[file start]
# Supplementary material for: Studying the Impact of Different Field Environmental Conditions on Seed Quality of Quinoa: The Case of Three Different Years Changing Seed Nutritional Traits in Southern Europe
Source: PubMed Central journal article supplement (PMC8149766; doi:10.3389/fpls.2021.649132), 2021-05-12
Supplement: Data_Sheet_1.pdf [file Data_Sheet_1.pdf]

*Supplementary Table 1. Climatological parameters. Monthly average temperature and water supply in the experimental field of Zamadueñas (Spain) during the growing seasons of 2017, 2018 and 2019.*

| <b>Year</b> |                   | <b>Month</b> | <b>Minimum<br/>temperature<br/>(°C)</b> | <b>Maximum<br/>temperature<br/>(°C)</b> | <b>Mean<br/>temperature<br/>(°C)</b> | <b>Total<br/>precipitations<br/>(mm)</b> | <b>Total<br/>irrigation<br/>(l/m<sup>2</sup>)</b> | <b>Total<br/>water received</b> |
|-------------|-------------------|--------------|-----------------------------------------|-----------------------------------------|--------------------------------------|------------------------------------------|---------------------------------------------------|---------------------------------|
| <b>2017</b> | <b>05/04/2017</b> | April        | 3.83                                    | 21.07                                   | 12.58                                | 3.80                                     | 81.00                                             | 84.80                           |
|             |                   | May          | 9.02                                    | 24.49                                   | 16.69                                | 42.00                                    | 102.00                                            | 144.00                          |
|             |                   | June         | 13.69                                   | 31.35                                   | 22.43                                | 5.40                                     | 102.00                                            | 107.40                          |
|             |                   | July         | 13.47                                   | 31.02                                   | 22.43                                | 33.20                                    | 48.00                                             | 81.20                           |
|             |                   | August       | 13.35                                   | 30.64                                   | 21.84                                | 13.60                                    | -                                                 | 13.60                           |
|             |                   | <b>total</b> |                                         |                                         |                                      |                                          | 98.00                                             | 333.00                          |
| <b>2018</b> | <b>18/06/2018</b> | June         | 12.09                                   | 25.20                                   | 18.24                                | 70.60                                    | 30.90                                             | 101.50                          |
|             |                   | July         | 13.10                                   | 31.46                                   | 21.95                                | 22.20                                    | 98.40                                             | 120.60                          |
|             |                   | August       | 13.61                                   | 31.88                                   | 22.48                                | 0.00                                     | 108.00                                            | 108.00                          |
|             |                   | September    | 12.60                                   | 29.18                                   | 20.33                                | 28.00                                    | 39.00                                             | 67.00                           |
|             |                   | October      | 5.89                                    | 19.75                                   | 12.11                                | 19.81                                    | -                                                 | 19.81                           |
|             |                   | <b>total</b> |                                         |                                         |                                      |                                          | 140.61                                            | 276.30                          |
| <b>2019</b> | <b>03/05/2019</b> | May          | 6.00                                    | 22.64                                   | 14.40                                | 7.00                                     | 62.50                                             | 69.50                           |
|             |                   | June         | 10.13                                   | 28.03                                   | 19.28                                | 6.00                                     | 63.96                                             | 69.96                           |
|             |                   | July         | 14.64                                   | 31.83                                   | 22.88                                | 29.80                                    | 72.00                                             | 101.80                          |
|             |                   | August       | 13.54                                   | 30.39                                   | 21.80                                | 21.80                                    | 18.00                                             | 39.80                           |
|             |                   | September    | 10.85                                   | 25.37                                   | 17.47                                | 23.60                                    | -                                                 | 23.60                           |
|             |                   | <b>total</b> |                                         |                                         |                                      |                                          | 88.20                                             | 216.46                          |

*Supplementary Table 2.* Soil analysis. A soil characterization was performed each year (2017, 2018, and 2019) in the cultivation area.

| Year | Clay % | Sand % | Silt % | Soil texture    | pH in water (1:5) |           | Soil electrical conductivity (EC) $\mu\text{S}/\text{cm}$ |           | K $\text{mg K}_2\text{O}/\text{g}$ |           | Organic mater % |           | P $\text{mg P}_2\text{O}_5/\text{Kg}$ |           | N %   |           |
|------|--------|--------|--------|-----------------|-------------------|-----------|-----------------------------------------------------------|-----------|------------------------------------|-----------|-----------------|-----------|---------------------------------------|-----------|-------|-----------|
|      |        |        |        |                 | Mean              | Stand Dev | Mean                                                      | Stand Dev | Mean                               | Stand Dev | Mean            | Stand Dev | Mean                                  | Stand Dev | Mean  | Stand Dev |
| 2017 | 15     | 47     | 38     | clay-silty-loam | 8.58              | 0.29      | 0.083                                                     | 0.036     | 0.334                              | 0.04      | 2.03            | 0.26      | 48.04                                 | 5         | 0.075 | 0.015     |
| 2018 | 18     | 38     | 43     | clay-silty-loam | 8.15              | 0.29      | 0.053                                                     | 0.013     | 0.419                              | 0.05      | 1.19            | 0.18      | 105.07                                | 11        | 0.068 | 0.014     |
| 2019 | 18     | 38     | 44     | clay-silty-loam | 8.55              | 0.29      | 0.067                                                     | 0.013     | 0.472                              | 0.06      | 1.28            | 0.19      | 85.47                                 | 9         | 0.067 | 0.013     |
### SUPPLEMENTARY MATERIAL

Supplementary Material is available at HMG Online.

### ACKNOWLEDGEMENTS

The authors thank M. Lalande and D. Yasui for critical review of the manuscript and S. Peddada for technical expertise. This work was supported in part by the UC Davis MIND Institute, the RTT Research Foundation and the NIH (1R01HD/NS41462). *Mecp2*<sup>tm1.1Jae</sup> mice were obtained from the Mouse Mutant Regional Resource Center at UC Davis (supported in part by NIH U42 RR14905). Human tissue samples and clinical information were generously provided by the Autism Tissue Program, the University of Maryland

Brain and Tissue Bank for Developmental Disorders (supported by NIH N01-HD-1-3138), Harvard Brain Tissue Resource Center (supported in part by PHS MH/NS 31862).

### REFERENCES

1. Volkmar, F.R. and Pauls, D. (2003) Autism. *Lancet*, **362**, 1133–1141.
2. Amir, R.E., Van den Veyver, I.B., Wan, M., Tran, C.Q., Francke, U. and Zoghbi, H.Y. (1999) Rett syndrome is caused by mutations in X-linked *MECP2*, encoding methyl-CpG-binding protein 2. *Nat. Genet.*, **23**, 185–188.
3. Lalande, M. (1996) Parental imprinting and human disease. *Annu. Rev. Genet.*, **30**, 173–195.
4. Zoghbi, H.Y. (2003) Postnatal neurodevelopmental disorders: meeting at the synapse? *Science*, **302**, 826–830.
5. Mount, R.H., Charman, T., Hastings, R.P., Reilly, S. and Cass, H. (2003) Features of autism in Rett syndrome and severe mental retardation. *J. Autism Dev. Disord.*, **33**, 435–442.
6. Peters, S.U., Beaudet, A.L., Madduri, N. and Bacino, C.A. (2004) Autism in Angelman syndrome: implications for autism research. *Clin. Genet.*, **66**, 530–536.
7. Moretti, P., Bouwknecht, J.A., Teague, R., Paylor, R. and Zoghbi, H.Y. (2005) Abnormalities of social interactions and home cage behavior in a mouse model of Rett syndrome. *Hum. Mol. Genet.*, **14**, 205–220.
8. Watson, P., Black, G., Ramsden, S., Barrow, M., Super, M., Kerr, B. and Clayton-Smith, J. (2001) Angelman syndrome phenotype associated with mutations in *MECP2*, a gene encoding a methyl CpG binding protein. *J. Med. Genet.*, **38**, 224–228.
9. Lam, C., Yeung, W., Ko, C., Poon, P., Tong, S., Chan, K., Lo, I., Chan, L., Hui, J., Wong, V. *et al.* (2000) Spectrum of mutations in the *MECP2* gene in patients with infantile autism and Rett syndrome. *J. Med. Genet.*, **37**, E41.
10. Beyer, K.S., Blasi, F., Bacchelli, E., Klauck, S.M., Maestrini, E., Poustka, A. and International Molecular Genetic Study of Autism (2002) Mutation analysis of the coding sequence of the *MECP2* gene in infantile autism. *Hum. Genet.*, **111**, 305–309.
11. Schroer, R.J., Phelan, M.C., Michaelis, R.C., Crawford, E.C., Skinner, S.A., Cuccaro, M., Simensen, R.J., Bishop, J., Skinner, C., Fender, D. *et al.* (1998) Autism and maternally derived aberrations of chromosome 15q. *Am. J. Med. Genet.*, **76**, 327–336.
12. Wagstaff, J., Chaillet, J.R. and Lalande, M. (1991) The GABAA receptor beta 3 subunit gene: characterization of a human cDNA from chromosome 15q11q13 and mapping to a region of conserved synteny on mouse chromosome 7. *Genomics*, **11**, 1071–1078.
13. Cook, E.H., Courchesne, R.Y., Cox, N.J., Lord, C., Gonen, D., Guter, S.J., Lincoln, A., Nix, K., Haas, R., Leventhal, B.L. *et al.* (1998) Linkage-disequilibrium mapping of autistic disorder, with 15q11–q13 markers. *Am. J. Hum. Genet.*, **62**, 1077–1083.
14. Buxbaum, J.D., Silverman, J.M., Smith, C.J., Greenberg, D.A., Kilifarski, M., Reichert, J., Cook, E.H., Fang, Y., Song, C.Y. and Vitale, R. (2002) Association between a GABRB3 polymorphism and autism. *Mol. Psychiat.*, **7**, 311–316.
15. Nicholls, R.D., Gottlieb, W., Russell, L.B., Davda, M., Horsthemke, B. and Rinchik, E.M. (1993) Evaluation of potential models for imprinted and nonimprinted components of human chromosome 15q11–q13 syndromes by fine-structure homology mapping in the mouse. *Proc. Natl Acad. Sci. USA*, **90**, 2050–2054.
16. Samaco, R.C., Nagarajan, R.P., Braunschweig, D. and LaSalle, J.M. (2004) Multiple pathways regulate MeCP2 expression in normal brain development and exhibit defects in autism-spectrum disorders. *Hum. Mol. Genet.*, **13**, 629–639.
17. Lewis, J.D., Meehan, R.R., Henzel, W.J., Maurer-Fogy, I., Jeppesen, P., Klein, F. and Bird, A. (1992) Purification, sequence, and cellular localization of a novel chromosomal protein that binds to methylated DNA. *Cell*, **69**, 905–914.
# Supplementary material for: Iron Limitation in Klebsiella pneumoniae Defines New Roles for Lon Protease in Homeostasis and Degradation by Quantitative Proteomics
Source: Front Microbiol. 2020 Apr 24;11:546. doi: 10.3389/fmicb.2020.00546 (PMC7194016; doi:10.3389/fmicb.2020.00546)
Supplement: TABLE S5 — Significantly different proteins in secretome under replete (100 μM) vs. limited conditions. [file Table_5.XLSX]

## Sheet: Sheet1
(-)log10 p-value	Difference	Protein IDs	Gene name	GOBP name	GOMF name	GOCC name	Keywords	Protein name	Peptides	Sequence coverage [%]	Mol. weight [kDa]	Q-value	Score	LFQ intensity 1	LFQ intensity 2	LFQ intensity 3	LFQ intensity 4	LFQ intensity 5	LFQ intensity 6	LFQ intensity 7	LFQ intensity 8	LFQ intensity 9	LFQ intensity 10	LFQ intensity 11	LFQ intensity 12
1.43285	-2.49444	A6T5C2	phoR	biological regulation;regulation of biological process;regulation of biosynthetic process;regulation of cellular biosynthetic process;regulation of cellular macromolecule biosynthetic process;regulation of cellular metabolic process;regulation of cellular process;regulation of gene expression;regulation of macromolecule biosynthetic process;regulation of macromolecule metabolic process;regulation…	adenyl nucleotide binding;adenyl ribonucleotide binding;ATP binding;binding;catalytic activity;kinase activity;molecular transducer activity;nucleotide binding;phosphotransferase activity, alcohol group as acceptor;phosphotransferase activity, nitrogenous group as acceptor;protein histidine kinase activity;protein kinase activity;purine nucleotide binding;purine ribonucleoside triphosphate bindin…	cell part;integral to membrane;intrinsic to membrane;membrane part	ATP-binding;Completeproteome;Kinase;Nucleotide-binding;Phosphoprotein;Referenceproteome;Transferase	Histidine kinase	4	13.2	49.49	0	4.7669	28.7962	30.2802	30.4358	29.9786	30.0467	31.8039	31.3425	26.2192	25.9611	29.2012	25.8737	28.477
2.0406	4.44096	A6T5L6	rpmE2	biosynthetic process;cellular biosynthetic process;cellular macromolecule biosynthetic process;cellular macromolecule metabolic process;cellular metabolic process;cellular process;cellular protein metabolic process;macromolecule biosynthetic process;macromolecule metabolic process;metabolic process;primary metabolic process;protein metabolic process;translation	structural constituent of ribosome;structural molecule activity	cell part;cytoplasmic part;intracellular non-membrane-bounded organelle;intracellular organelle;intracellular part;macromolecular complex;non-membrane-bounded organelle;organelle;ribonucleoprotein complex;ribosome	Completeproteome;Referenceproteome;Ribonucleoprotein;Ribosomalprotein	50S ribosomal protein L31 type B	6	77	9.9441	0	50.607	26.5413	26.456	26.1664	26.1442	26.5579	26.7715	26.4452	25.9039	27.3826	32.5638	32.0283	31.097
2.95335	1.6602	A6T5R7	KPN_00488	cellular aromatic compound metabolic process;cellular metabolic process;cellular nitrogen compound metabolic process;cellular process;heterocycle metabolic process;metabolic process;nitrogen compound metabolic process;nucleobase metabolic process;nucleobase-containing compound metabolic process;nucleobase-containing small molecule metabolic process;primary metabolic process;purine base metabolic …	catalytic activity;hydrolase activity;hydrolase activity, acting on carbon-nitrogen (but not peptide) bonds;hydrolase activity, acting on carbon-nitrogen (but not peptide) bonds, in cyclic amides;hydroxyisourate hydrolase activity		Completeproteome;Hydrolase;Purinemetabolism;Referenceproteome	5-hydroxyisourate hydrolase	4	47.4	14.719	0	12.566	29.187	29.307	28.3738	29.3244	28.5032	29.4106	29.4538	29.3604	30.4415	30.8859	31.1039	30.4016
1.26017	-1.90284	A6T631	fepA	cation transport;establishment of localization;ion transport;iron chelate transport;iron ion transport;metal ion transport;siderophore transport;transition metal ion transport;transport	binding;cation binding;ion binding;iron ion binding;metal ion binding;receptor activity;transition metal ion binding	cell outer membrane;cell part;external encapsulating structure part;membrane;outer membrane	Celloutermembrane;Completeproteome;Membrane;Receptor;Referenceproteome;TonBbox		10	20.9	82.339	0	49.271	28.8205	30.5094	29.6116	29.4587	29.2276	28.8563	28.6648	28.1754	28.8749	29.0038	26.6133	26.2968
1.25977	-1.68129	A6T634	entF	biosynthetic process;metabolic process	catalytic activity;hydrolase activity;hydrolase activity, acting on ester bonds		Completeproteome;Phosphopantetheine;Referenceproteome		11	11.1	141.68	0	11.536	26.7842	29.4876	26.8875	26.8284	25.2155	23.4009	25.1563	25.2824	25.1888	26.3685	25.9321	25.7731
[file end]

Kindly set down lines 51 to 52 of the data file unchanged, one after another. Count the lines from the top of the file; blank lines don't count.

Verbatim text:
14. Buxbaum, J.D., Silverman, J.M., Smith, C.J., Greenberg, D.A., Kilifarski, M., Reichert, J., Cook, E.H., Fang, Y., Song, C.Y. and Vitale, R. (2002) Association between a GABRB3 polymorphism and autism. *Mol. Psychiat.*, **7**, 311–316.
15. Nicholls, R.D., Gottlieb, W., Russell, L.B., Davda, M., Horsthemke, B. and Rinchik, E.M. (1993) Evaluation of potential models for imprinted and nonimprinted components of human chromosome 15q11–q13 syndromes by fine-structure homology mapping in the mouse. *Proc. Natl Acad. Sci. USA*, **90**, 2050–2054.